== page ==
Wine Economist readers who fall into the “trade and media” category should set their map-app coordinates for the Waldorf Astoria Hotel in New York City during the first week in February because that’s where Vino 2015 will happen. This celebration of the wines of Italy is being billed as the “grandest Italian wine event ever held outside of Italy!” Do I have your attention now?
Vino Italiano Renaissance
Italy is the number one source of imported wines in the U.S. market and sales are on the rise. I would call it an Italian Wine Renaissance except that many would counter that Italian wines have no need to be reborn in the U.S. — they have long been popular here. Still there is something to the Renaissance metaphor, starting with Prosecco, which I wrote about in 2014, and continuing up and down the boot-shaped peninsula.
Prosecco’s popularity has invigorated the whole sparkling wine category in the U.S. and is part of a growing interest in Italy beyond the usual suspects. There is much more to Italian wine than the famous names and best-selling styles and varieties, as important as they are, and Vino 2015 is coming to New York to tell that story.
I’ll be there to speak at about Italian wines in a rapidly changing U.S. market. Here’s the description of my session. Click on this link to see the entire agenda.
Trends in the World’s Largest Wine Market : US’s Growing Global Relevance
In 2013, the United States became the world largest wine market, in terms of absolute consumption. Despite economic headwinds, the market grew again in 2014, and is expected to add to these gains in 2015. What segments of the U.S. market are doing especially well—even outperforming? What opportunities lie ahead for Italian wines in the U.S.? This is the ideal discussion with which to kick off Vino 2015.
- Anthony Dias Blue, Editor-in-Chief, The Tasting Panel & The Sommelier Journal
Jon Fredrikson – Gomberg Fredrikson and Associates
Cristina Mariani-May – Co-CEO, Banfi Vintners
Angelina Mondavi – Partner & Winemaker, Dark Matter Wines
Mike Veseth – Wine Economist and University of Puget Sound
I was asked to write the Foreword to the printed program, which gave me an excuse to think about how the many parts of the event come together and what the trade and media attendees might take away from it all. There’s a lot to consider!
Start with the Grand Tasting “Italian Wine Exchange,” featuring over 200 Italian wineries. This, as the name suggests, is a traditional arena for tasting the wine, making contacts, doing deals, renewing relationships, seeing and being seen.
Trade tastings like this always remind me of when we lived in Bologna and would hang out at the Piazza Maggiore just a few steps from our apartment. Everyone came to the Piazza, or so it seemed, and you never knew what new opportunity would present itself through a mixture of purposeful design and simple fortune.
An ambitious series of seminars explores several broad themes. Wine business and economics comes first — the characteristics and dynamics of the U.S. market for Italian wine with its shifting demographics, and the state of the wine industry in Italy. The second theme examines the Italian South — Puglia, Sicily, Calabria and Campania. Italy is too big and diverse in terms of wine to focus on everything, so shining a spotlight on the South — as big and diverse as it is by itself — is a great strategy.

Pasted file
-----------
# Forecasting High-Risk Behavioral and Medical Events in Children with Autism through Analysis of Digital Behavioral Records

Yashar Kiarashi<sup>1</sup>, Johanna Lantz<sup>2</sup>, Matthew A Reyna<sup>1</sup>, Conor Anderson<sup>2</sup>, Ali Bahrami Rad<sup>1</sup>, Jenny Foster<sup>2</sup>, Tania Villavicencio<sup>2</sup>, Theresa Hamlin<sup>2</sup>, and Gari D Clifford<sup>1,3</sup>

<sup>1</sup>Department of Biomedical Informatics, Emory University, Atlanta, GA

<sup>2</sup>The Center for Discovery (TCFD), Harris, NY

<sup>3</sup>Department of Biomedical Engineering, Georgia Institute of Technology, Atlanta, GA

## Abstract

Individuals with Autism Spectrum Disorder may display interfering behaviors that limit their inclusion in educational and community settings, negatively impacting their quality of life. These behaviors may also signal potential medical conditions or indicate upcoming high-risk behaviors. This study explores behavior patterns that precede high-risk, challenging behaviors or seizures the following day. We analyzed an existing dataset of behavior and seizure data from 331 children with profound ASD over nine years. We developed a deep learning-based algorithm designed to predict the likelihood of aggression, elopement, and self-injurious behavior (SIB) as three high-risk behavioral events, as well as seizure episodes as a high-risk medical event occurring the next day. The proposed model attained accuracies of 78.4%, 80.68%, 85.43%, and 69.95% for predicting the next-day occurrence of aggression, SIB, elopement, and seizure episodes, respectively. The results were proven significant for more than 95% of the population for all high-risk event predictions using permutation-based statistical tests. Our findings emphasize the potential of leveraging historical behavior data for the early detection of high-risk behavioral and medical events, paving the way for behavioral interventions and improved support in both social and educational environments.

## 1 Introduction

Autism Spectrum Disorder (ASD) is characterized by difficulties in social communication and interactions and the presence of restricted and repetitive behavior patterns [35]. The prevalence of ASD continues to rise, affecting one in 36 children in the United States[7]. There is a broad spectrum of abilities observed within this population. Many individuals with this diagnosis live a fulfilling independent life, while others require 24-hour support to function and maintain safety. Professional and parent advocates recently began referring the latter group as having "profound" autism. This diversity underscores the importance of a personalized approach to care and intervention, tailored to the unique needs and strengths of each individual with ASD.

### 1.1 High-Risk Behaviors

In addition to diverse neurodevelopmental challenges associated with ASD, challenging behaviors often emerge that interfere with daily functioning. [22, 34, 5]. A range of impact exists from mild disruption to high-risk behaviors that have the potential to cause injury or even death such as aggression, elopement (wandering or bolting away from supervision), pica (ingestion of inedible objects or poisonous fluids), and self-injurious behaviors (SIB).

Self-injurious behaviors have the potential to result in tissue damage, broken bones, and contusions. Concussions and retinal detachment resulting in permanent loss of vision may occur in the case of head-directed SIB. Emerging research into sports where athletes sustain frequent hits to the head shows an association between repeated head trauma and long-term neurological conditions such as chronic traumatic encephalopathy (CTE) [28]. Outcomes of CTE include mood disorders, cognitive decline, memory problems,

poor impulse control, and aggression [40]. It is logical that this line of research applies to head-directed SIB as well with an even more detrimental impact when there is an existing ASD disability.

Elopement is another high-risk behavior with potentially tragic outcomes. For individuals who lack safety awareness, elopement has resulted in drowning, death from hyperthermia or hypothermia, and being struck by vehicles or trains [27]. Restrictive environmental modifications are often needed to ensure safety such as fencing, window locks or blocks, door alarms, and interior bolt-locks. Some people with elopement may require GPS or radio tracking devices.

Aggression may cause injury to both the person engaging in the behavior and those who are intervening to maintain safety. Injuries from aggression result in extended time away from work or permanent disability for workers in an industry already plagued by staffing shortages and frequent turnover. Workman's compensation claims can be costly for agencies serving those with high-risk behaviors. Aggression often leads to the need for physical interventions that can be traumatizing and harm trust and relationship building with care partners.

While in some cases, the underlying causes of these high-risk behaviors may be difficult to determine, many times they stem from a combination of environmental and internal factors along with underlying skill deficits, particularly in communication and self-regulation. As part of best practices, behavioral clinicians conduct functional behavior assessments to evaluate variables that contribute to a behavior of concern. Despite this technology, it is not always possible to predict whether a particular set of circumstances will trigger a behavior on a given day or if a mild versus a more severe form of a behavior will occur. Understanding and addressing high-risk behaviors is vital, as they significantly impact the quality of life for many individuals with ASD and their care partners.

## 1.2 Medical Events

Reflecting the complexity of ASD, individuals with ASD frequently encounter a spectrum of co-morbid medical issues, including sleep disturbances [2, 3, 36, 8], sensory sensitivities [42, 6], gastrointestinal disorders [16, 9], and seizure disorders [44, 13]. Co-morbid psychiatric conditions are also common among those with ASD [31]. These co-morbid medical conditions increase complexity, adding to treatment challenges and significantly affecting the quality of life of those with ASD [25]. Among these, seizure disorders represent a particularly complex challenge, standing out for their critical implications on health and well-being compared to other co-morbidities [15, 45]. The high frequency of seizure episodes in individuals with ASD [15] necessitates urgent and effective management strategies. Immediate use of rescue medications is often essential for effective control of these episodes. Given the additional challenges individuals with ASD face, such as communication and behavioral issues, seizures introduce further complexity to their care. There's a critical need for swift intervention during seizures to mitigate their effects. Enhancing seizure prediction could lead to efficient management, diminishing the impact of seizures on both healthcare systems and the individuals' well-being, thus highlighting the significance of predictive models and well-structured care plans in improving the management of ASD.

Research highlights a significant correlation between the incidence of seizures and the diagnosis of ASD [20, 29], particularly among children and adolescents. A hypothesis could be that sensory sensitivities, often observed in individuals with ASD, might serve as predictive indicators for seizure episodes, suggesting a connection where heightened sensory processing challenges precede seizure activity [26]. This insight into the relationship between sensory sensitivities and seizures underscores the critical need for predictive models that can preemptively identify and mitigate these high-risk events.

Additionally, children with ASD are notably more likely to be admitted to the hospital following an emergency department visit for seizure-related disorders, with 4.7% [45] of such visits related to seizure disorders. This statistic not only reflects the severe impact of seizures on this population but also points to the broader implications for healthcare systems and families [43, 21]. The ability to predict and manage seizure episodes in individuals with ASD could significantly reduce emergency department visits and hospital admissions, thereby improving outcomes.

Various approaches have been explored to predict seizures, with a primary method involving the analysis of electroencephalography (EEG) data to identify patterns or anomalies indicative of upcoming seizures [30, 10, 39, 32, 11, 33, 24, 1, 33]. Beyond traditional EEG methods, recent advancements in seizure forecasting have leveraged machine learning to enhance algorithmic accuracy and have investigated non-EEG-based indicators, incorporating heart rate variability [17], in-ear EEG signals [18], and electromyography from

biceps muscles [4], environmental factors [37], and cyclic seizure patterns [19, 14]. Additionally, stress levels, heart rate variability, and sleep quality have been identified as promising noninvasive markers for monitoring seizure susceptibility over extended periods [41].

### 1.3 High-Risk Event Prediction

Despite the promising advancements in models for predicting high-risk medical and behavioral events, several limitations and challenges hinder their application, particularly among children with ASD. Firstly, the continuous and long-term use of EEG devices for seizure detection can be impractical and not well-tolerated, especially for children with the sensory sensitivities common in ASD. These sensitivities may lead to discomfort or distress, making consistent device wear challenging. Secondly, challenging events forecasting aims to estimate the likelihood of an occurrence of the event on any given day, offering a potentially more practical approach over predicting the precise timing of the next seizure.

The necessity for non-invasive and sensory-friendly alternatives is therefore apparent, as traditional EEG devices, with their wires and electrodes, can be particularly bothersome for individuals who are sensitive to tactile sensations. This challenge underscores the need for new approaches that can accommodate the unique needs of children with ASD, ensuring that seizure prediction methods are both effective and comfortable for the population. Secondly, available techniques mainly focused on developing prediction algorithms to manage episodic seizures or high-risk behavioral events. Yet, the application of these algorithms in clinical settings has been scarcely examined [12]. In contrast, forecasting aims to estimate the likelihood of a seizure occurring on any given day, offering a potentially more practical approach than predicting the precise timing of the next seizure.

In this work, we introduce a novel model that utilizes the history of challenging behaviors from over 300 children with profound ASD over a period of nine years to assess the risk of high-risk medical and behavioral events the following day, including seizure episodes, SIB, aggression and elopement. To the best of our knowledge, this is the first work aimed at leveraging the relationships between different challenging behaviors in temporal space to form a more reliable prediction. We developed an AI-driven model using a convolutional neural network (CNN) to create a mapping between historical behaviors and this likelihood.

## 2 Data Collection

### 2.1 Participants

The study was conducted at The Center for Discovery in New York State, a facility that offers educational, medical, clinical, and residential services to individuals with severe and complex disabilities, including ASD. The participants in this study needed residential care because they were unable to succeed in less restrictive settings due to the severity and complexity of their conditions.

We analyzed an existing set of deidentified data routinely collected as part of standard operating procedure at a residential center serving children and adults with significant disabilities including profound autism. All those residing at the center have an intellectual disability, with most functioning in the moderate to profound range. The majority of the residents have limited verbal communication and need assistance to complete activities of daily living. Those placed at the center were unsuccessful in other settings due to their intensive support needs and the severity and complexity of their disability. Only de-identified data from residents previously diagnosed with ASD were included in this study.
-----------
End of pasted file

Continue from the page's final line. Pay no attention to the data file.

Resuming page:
Other seminars take a compare and contrast approach to Italian sparkling wines and to rosés from different regions. A final set of programs looks beyond wine to food (of course!), music and culture, global climate change, Italian craft beers and more. As I explain in my Foreword, I think the formal program parts tie together very well. Lots to share, learn and discuss.
And of course that’s what is going to happen in the hallways, lunches, bars, cafes and so forth when everyone gathers to socialize, do a little business and talk about Italian wine. Just like the Piazza Maggiore!
Years ago I wrote an essay about the economy of Renaissance Italy that was titled “The Creative Economy” and one element of creativity is tension. I will be interested to see how the many tensions in the wine market are addressed at Vino 2015. What kinds of tension? Some of the typical ones, I suppose. Old and new. Modern and traditional. Local and global. North and South (because this is Italy and regional identities are always important).
Add to the list particular tensions in the dynamic U.S. market. The strategies that have been successful for Italian wines in the past may not be the best plans for the future as new demographic groups become the focus of attention and as new parts of the country are targeted for growth. Add new competitors to the mix — new wine regions, new craft beers, spirits and cider rivals — and the situation becomes more complicated.
This tension between stability and change that was at the heart of the Creative Economy 500 years ago is central to the wine market today. I’m interested to see what my creative Italian friends will do with it! Italian wine Renaissance? You be the judge. Ciao, everyone. See you in New York.
Interesting. The same is true in Sweden, where last year Italy sold much more wine than any other country. And ‘New World” (in particular South Africa) seem to struggle.
Curious about what lies behind “Prosecco’s popularity has invigorated the whole sparkling wine category in the U.S. and is part of a growing interest in Italy beyond the usual suspects.”
Prosecco is an interesting “cagetogy”. It came to fame with the low grade canned version that was launched some years ago. Now, the Italian region has distanced itself from that kind of ‘brew’ and i aiming much more upmarket. so one can wonder if the prosecco popularity in the US (if there is one) is a remnant on Paris Hilton’s mediatic campaigns or if it has something to do with more recent trends.